"As I fought against Reformed theology more than twenty years ago with all the free will I could muster, I firmly believed that John 3:16 was directly opposed to Reformed theology. But I finally came to see that John 3:16 is at the very foundation of Reformed theology. In John 3:16, we find every tenet of Reformed soteriology (the doctrine of salvation) in its most basic form."
"The Greek word apologia means literally 'to speak to.' Over time, it came to mean 'to make a defense.' When Athens accused Socrates of being harmful to society, Socrates had to offer his defense. He titled it Apologia. He stood before the 'men of Athens,' offering his reasoned defense."
"In Matthew 12:36–37, Jesus associates not just the things that we do but also the words that we speak with the fruit that trees produce. Just as the fruit of the tree reveals the condition of its roots, so the words that we speak reveal the condition of our hearts, whether we genuinely believe and are justified or don't and are condemned. It is out of the overflow of the heart that the mouth speaks (v. 34)."
"There is no commandment more important than to love our Creator, but what's the very next command in Deuteronomy 6? That the law of God is to be on our hearts and taught to our children. The divine mandate is that parents should teach the Lord's commandments to their children. Not that the parents should send their children somewhere else to learn these things, but the responsibility is given to the parents."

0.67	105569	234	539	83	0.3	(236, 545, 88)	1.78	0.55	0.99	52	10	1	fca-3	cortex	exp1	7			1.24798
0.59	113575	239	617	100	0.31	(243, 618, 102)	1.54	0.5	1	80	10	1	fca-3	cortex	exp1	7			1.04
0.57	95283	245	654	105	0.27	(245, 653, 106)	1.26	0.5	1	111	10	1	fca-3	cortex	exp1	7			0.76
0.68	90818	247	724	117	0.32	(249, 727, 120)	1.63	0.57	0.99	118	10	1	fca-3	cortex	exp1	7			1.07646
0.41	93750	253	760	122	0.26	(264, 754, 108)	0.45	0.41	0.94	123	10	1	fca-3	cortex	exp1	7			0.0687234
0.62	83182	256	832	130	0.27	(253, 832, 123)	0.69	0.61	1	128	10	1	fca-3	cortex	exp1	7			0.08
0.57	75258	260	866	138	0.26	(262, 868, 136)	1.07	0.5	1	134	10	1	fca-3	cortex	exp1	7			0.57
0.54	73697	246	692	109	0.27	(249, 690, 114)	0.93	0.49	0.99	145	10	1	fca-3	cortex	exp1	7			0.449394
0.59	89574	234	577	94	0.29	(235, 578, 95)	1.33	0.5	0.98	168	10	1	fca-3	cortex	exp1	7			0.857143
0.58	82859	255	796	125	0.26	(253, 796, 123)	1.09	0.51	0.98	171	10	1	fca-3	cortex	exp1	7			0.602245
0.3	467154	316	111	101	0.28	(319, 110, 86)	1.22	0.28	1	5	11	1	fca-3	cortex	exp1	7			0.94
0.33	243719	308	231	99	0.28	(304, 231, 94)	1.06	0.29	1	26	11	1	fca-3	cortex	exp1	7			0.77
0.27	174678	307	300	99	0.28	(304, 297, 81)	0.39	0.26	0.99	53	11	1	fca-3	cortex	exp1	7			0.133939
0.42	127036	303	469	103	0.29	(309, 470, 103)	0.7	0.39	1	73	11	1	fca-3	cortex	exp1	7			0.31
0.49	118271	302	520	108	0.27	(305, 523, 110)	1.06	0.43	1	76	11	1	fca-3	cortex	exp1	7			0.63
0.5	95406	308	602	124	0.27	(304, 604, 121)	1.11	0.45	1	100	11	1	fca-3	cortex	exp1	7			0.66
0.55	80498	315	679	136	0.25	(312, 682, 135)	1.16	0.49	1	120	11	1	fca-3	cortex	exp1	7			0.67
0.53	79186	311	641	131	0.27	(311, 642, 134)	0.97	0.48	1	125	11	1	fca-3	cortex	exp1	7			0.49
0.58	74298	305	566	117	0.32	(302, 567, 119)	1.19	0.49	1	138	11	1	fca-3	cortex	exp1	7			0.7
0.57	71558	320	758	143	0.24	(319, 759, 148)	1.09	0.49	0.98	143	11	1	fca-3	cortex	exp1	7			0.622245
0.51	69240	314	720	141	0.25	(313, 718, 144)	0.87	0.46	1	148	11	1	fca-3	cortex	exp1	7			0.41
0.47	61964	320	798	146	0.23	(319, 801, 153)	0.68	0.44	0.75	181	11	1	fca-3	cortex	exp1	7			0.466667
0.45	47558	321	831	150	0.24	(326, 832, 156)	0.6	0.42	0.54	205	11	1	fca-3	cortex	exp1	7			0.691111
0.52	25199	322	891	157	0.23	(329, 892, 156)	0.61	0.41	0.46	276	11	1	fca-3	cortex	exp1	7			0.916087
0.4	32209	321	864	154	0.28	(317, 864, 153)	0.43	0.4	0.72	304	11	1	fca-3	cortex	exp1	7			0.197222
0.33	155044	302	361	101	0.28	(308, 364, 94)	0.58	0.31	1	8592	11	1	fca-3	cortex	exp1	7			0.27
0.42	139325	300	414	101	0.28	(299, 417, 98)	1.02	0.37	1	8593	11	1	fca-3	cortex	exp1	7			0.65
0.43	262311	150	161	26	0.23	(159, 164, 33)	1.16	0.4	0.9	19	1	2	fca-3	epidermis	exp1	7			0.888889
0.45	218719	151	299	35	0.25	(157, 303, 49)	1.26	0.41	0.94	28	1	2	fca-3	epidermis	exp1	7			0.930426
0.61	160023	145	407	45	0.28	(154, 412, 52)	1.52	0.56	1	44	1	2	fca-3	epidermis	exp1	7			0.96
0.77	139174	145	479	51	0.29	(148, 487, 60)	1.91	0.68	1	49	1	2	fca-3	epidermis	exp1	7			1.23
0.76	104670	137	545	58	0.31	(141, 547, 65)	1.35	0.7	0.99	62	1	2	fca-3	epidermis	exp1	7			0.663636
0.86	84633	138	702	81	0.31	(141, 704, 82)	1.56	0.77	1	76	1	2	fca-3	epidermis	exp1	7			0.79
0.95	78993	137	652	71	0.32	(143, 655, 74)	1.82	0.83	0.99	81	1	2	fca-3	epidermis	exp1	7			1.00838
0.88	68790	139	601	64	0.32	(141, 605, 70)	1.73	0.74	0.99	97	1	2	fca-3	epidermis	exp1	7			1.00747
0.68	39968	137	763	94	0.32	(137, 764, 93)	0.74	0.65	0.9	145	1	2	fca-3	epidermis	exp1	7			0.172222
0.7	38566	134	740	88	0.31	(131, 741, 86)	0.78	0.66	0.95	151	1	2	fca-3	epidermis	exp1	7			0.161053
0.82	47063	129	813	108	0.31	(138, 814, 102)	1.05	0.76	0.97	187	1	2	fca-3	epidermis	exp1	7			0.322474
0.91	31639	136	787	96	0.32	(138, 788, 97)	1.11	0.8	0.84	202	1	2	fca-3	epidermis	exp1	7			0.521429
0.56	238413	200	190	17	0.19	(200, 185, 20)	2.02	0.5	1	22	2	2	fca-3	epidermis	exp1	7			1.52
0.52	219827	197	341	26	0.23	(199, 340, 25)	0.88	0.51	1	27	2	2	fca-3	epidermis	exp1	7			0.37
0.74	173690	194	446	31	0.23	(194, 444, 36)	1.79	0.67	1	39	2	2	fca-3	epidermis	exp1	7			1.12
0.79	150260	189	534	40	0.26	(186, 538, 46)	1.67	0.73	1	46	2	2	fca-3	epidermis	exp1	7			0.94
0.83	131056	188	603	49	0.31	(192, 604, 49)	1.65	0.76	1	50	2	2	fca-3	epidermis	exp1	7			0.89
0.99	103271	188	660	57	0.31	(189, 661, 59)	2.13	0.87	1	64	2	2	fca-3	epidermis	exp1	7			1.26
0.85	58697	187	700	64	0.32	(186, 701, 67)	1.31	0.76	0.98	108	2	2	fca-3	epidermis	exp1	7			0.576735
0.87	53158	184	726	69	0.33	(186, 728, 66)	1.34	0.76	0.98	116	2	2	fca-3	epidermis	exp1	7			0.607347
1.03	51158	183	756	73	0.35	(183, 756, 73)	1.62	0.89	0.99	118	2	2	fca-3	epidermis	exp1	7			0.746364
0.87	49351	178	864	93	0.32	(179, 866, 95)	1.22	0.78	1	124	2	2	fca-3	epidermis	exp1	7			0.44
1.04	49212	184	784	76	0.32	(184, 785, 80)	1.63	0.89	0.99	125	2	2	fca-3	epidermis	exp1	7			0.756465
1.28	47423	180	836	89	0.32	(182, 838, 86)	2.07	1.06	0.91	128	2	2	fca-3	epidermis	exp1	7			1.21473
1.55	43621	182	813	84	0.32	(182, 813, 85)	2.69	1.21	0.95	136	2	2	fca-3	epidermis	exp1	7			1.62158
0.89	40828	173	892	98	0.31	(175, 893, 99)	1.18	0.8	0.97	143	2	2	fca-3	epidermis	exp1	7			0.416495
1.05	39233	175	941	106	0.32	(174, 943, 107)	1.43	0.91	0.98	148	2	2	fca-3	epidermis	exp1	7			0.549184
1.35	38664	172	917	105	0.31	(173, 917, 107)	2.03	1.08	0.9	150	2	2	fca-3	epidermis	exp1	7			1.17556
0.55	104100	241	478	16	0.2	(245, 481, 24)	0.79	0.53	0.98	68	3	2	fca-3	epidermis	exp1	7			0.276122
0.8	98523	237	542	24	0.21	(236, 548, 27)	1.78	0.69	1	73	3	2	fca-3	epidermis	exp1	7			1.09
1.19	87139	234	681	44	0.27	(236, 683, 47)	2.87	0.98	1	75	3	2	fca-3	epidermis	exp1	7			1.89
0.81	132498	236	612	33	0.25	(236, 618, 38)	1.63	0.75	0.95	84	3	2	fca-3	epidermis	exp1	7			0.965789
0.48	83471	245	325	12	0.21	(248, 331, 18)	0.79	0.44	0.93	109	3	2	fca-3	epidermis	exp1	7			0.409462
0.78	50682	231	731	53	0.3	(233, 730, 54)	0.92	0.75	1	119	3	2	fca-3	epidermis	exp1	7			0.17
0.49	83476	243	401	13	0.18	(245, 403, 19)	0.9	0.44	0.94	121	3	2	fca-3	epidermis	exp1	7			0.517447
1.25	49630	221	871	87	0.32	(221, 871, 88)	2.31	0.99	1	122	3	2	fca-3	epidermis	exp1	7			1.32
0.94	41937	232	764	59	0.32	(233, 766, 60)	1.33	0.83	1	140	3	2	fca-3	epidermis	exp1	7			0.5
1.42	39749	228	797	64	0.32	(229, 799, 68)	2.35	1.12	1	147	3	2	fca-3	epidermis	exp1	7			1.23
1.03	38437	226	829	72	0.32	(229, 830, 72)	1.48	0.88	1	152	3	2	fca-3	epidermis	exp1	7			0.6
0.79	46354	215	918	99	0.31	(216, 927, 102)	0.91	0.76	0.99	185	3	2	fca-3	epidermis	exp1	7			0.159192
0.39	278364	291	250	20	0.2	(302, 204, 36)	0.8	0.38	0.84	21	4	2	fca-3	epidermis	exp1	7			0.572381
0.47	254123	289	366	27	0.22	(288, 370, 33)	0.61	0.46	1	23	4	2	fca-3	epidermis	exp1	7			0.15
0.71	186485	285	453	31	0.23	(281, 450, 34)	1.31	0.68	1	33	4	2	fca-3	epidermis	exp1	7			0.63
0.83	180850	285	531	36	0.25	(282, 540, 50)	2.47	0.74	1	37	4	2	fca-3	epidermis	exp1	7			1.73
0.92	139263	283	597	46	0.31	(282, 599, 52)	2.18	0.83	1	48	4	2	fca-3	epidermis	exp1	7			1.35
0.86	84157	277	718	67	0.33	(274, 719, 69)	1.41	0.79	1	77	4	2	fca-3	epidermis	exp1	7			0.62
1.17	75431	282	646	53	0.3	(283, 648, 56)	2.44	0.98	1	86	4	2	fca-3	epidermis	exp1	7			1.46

"The claim that humanity can only come into its own and overcome various invidious forms of discrimination by secular liberation is not new, but it is now mainstream. It is now so common to the cultures of Western societies that it need not be announced, and often it is not noticed. Those born into the cultures of late modernity simply breathe these assumptions as they breathe the atmosphere, and their worldviews are radically realigned, even if their language retains elements of the old worldview."
"Israel had to learn its need for a king and in turn to yearn for a king—not a king like the nations as they would have in Saul, but a man after God's own heart, namely, David. Yet even David could not protect and lead God's people ultimately. He sinned, his house was divided, and he died. Who, then, is the leader—perfect, faithful, and undying—for God's people? Obviously, only Jesus is such a king."
"Antinomianism takes various forms. People do not always fit neatly into our categorizations, nor do they necessarily hold all the logical implications of their presuppositions. Here we are using 'antinomianism' in the theological sense: rejecting the obligatory ('binding on the conscience') nature of the Decalogue for those who are in Christ. Antinomianism, it was widely assumed in the eighteenth century, is essentially a failure to understand and appreciate the place of the law of God in the Christian life."
"The Christian life is a road trip, a journey of the most exhilarating kind. It has a starting point and a terminus. It is a metaphor of movement. Christians do not stay in one place too long, for they are set for another location. Early Christians were referred to as the followers of 'the Way'—a reflection that they seemed determined to follow a different path (Acts 9:2; 24:14)."